We learned in late July that the previously unheard of Grassroot Institute of Hawai’i, led by Richard Rowland, had joined Thurston Twigg-Smith and H. William Burgess in opposing the Akaka bill. These people fed Congress false and misleading information in an effort to confuse the issue. They say that they are fighting for equality, but I believe they are really motivated by racism.

Urgent matters, such as Hurricane Katrina, ended up postponing the Akaka Bill. As of this writing, OHA is planning to lobby the Senate in the week before Thanksgiving. I believe it will be our last chance to get the bill passed this year.


On a positive note, I was very pleased that on June 23, 2005, the Board of Trustees approved a grant of $300,000 to help fund the Kupuna Continuing Care Assurance Program which will be administered by Lunalilo Home over the next two years. The program is designed to help make residential care, respite care, adult day care, and outreach nutritional services more affordable for Native Hawaiian kupuna.

Your prayers and guidance, for those of us in hardship in 2006, will help to make our journey successful. May the Lord bless and keep you all safe this holiday season. Aloha pumehana.

OHA needs a Land Konohiki

By: OHA Trustee Rowena Akana

Source: Ka Wai Ola o OHA, April 2005

‘Ano’ai kakou… On August 19, 2004, The Honolulu Advertiser ran an article titled “OHA gets offer of free Puna land.” Six months later, the offer was withdrawn because OHA took too long to finalize the deal. Sound familiar? It should.

The same thing happened in late-2002 when a mainland company named PH Industries offered to donate 198 acres of land in Maili to OHA, 80 to 90 acres of which were developable. The company was leaving Hawaii and wanted to donate its land. OHA waited too long to respond and the company sold it to someone else for almost nothing. Trustee Oswald Stender, the budget chair at the time, said he did not see the urgency of the deal and failed to take it up in his committee in a timely manner.

There were so many possibilities for the Maili property. It was cleared of environmental hazards and zoned for agriculture and conservation use. At the very least, OHA could have sold it to a developer. The land was valued at $3,000,000 and it was sold for a measly $100,000. It was unconscionable to let such a huge opportunity slip through the cracks. Unfortunately, history tends to repeat itself.

On August 18, 2004, Joe Wedeman made an offer to donate 66.4 acres of Puna land to OHA on behalf of his wife, Harriet, who had inherited the land from her mother. About 35 acres contained no archaeological sites and could be developed. Trustee Boyd Mossman said the gift was a “tremendous opportunity” and could be an educational and cultural resource for students.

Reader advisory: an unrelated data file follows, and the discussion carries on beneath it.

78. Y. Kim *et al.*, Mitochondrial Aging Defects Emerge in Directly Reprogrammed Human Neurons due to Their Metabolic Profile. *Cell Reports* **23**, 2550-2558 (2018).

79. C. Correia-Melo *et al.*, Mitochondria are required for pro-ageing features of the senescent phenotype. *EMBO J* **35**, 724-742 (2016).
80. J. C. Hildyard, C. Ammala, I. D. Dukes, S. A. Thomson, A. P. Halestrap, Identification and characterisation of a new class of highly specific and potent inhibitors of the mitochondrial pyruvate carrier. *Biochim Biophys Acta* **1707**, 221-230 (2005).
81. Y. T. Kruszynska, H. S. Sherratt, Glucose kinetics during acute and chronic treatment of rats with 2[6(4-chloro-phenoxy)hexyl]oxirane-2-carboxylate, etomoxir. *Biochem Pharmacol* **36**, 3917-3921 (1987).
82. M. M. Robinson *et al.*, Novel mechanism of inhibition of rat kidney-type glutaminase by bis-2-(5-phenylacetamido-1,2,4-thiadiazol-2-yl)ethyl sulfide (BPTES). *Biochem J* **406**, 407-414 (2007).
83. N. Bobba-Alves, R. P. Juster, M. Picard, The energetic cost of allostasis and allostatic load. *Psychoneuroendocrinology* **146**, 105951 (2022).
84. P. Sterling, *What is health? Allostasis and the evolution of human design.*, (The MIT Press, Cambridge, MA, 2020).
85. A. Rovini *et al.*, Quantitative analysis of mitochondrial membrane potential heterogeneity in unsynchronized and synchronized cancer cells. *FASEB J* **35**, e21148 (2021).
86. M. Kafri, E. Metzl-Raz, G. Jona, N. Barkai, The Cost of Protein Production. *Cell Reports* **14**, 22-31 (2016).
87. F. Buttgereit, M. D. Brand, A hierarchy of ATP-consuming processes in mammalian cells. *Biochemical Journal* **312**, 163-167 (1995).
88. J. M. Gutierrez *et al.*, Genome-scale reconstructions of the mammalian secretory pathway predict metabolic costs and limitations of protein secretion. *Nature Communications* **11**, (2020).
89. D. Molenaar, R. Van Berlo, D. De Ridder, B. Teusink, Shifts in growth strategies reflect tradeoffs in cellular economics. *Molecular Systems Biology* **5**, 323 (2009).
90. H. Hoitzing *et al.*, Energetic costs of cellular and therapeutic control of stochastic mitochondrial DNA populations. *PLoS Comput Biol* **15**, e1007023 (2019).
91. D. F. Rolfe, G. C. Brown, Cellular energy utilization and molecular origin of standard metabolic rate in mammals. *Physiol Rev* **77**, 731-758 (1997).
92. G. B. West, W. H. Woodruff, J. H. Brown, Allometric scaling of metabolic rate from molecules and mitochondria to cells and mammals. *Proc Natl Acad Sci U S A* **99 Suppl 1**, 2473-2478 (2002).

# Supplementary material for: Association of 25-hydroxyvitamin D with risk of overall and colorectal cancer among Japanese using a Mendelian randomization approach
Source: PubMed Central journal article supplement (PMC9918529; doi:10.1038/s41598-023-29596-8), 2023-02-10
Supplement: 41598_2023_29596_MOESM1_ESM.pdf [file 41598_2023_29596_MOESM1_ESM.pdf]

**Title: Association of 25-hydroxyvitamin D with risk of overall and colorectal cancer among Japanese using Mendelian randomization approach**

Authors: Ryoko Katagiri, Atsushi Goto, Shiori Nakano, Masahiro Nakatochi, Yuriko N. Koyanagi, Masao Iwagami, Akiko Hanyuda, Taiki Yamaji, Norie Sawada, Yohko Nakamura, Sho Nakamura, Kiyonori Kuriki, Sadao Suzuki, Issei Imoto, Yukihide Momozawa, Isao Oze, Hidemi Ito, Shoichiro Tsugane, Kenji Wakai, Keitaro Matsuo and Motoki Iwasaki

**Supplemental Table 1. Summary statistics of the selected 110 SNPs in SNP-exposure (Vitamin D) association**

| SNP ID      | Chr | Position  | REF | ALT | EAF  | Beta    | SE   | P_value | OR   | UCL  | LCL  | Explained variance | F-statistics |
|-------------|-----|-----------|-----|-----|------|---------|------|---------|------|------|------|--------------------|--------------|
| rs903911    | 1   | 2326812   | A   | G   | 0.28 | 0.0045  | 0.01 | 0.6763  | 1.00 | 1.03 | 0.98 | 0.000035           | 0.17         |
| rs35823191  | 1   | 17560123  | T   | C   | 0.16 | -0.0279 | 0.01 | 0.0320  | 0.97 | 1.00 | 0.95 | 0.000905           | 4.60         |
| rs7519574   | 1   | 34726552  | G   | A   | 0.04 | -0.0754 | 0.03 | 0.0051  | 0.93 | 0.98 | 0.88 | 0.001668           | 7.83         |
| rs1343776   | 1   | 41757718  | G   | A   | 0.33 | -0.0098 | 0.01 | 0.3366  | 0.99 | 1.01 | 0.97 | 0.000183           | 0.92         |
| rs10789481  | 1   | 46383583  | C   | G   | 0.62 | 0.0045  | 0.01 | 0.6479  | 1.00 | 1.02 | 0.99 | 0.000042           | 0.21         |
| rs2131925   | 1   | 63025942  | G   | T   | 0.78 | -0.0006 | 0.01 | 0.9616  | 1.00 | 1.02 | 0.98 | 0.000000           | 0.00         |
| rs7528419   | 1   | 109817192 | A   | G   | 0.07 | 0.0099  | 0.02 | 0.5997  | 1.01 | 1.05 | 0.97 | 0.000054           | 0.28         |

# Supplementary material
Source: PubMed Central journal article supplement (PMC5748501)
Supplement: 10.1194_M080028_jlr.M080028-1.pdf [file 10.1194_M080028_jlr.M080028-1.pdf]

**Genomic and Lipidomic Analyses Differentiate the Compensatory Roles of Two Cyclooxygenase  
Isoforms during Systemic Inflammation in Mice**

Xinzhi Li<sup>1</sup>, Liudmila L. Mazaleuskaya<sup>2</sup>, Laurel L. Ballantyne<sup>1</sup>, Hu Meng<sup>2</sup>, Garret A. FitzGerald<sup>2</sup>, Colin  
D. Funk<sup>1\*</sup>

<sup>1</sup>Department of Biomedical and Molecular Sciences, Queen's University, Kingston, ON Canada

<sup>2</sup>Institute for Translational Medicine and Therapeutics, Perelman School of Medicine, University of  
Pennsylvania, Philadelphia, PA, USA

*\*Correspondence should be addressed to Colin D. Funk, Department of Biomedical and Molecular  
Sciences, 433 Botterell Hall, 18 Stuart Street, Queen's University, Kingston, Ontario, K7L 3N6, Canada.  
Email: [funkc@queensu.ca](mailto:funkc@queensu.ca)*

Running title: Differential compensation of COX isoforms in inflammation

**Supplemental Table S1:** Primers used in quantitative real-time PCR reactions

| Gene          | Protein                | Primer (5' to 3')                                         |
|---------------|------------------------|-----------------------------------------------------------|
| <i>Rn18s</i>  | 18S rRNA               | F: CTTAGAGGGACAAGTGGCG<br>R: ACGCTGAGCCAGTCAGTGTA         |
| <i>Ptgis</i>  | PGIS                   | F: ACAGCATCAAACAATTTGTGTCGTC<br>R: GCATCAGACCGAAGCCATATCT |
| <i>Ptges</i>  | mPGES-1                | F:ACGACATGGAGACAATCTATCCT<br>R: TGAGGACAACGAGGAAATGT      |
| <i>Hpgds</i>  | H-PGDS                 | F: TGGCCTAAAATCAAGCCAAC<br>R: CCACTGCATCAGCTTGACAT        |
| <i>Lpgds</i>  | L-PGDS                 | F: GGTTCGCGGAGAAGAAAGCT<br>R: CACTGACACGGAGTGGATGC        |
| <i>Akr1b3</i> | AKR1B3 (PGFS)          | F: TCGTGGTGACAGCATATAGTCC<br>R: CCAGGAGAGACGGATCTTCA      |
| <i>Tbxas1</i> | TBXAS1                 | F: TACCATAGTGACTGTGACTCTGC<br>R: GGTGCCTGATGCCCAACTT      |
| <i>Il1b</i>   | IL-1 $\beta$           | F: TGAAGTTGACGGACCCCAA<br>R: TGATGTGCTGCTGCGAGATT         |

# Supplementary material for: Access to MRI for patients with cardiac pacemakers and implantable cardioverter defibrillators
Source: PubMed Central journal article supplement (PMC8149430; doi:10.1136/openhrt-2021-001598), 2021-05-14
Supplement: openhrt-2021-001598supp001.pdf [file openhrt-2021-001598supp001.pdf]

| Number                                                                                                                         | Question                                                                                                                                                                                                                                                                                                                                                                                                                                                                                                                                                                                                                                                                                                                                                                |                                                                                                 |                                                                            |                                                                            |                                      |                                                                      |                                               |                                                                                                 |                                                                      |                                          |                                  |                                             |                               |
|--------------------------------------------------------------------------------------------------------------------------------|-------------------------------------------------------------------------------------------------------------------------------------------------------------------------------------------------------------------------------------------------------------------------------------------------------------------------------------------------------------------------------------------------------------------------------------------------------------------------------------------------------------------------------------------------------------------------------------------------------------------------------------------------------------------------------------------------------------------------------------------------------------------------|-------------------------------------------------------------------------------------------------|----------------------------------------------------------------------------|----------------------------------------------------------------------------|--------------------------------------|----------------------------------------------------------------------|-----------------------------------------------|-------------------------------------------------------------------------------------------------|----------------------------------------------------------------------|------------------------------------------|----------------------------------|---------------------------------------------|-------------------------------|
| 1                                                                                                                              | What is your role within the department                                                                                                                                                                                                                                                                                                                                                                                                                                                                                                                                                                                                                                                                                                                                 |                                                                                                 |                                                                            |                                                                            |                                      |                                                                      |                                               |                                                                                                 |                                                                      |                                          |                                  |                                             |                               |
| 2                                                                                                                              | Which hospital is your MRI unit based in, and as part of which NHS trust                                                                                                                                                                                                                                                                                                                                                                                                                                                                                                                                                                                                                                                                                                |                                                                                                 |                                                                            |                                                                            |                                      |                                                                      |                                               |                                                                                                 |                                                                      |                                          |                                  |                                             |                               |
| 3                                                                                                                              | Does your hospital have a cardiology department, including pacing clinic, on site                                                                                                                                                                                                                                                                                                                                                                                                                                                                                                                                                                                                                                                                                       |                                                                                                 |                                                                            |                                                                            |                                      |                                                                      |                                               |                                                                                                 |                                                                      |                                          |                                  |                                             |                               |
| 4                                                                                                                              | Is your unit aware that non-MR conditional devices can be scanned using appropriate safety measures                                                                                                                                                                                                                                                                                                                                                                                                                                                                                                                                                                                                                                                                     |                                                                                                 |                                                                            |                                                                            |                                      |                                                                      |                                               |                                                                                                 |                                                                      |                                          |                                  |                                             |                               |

Trustee Carpenter and I immediately sent a memo to Trustee Stender after the offer was made, and asked him to bring it to the Board of Trustees for a vote as soon as possible. Trustee Carpenter wrote that “time is of the essence.” I specifically reminded Trustee Stender about the Maili debacle.

On September 1, 2004, Trustee Stender responded that he asked the OHA Administrator and his staff to ensure that a “due diligence” study is done before the issue could be presented to his committee. On September 29, 2004, the Administration reported to the Board that the consultants they hired, MN Capital Partners, LLC, needed three-weeks since they needed to visit the site.

Ten-weeks later, on December 17, 2004, my staff checked with the ARM committee to see whether the due diligence study was done or not. It was not. The Administration finally presented the due diligence study to the Board of Trustees on February 16, 2005. Unfortunately, it was too late. Mr. Wedeman had already sent a fax to OHA two days earlier, withdrawing the offer (the entire fax was just one sentence).

All this could have been avoided if OHA followed a May 2002 recommendation from the Land Committee’s (back when OHA had five subject-matter committees) to create an OHA Land Division to be headed by a “Land Konohiki,” an expert specializing in land acquisition, management, and investment and ceded land claims. The Land Konohiki could quickly look at and consider private lands for acquisition or even partner with other Hawaiian agencies to acquire land.

The first step in the Land Konohiki plan was to hire a land consultant to review prior land studies and make recommendations to the Board. The plan was passed by the Board on October 30, 2002.

Unfortunately, despite my numerous inquiries, nothing was done about the issue for months. On April 4, 2003, the Administration reported that they were still looking for a consultant. The Administration’s slow pace can only be blamed on the lack of direct Trustee oversight. When the current leadership took over in late-2002, they got rid of the Land Committee and there was no one to keep their feet to the fire.